Dubai: The ICC has given out guidelines as cricket moves towards resumption after being halted due to the coronavirus pandemic. The international body in its 'ICC Back to Cricket Guidelines has made it clear that it is important to ensure there is no compromise on the health of individuals or the community and government guidelines are strictly adhered to.
The purpose of this document is to provide guidance for the safe resumption of cricket activities (training, playing, and travelling) in countries and regions at community, domestic professional and international levels. These guidelines have been developed by the ICC Medical Advisory Committee in consultation with Member Medical Representatives.
The ICC has made it clear that the members should use these guidelines to create polices for back to cricket activity within their own country. It should be read and adopted alongside any national and local government regulations and guidance which should always take precedence over these guidelines.
While the guidelines talk of the safety first approach, it further says: "Cricket requires players to be in close proximity at times and involves the use of shared facilities. Therefore, should a team member or opponent develop any CV-19 symptoms or be found to develop an infection, participants will require isolation and testing as they are most likely to have been in close contact.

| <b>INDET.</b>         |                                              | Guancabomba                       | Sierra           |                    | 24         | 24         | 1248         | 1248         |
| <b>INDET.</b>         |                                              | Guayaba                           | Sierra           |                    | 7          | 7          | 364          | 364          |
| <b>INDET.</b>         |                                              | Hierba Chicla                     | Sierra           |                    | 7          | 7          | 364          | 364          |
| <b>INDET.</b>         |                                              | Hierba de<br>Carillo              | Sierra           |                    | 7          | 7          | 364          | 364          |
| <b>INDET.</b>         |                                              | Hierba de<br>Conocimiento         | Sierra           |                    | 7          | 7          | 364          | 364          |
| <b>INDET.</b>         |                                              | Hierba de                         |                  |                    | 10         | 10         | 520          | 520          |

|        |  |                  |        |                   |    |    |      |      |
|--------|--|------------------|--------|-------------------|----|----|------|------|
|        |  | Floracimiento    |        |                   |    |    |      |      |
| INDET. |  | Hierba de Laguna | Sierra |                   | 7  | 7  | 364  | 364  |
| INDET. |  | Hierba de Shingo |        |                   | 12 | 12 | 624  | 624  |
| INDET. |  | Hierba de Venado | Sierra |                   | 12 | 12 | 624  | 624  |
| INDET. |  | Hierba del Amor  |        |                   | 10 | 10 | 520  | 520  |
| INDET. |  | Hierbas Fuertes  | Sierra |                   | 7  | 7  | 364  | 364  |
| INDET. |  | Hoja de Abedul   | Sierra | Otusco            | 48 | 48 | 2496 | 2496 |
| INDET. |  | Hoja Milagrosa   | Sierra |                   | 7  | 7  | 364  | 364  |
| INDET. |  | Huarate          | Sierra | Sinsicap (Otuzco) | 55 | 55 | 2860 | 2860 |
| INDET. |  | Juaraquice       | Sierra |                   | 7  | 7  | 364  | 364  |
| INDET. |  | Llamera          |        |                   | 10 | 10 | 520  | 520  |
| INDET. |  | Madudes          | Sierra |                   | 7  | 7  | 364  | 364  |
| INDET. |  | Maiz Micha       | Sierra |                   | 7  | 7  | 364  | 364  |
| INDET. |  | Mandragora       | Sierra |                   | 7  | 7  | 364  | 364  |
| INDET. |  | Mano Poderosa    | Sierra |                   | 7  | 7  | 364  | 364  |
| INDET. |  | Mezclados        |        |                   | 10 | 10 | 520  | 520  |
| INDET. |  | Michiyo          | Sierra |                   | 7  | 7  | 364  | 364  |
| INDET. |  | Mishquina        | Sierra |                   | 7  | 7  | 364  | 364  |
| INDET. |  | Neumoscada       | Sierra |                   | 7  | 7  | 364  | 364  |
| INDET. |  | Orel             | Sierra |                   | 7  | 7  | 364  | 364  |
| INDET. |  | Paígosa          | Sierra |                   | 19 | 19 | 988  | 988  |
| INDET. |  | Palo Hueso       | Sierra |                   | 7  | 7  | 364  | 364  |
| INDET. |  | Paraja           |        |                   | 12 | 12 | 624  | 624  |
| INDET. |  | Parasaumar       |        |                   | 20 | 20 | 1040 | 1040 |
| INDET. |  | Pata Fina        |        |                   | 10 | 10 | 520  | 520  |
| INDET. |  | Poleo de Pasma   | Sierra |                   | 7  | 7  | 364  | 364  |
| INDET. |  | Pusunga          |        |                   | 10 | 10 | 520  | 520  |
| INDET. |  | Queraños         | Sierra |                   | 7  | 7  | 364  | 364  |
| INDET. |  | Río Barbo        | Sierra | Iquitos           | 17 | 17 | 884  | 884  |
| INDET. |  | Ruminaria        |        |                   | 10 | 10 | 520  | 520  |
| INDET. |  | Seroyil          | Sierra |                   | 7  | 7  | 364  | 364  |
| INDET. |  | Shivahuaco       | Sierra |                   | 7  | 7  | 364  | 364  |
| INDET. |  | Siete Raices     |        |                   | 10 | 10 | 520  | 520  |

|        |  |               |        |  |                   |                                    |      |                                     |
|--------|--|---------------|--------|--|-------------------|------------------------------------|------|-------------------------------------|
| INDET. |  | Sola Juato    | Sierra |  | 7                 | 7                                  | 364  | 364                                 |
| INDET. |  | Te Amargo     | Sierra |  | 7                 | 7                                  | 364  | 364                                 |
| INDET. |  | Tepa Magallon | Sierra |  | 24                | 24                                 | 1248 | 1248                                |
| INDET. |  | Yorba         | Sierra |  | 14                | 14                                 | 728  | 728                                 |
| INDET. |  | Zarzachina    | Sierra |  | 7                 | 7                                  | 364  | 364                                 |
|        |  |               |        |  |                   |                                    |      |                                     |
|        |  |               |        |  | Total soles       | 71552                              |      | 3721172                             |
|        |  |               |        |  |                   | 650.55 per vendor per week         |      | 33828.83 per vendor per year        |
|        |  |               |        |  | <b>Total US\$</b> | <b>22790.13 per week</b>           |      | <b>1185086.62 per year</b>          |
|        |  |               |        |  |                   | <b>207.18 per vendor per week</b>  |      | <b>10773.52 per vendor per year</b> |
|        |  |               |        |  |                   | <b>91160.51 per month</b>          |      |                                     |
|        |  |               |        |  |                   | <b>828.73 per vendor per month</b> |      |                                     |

"On-field behaviour that includes celebrations with body contact, and shared use of drink bottles, towels and equipment can pose a risk in cricket and should be strongly discouraged. Players should be encouraged to take responsibility for their own items (sunglasses, cap, jumpers, towels etc.) and instructed against handing over any items to umpires or teammates.
"Participants, in particular umpires, match referees and support staff may be considered vulnerable individuals that are at higher risk of severe illness due to CV-19. This includes older individuals (approx. 60+) and people of any age with underlying medical conditions such as cardiac, kidney, diabetes, obesity, weak innate immunity, etc.
"Safe and effective return of players to strength and conditioning (particularly bowlers). Limited preparation may cause higher injury levels. Cricket is officiated by umpires on the field of play and their health and well-being needs to be taken into full consideration as they spend the greatest amount of time in close proximity to players." IANS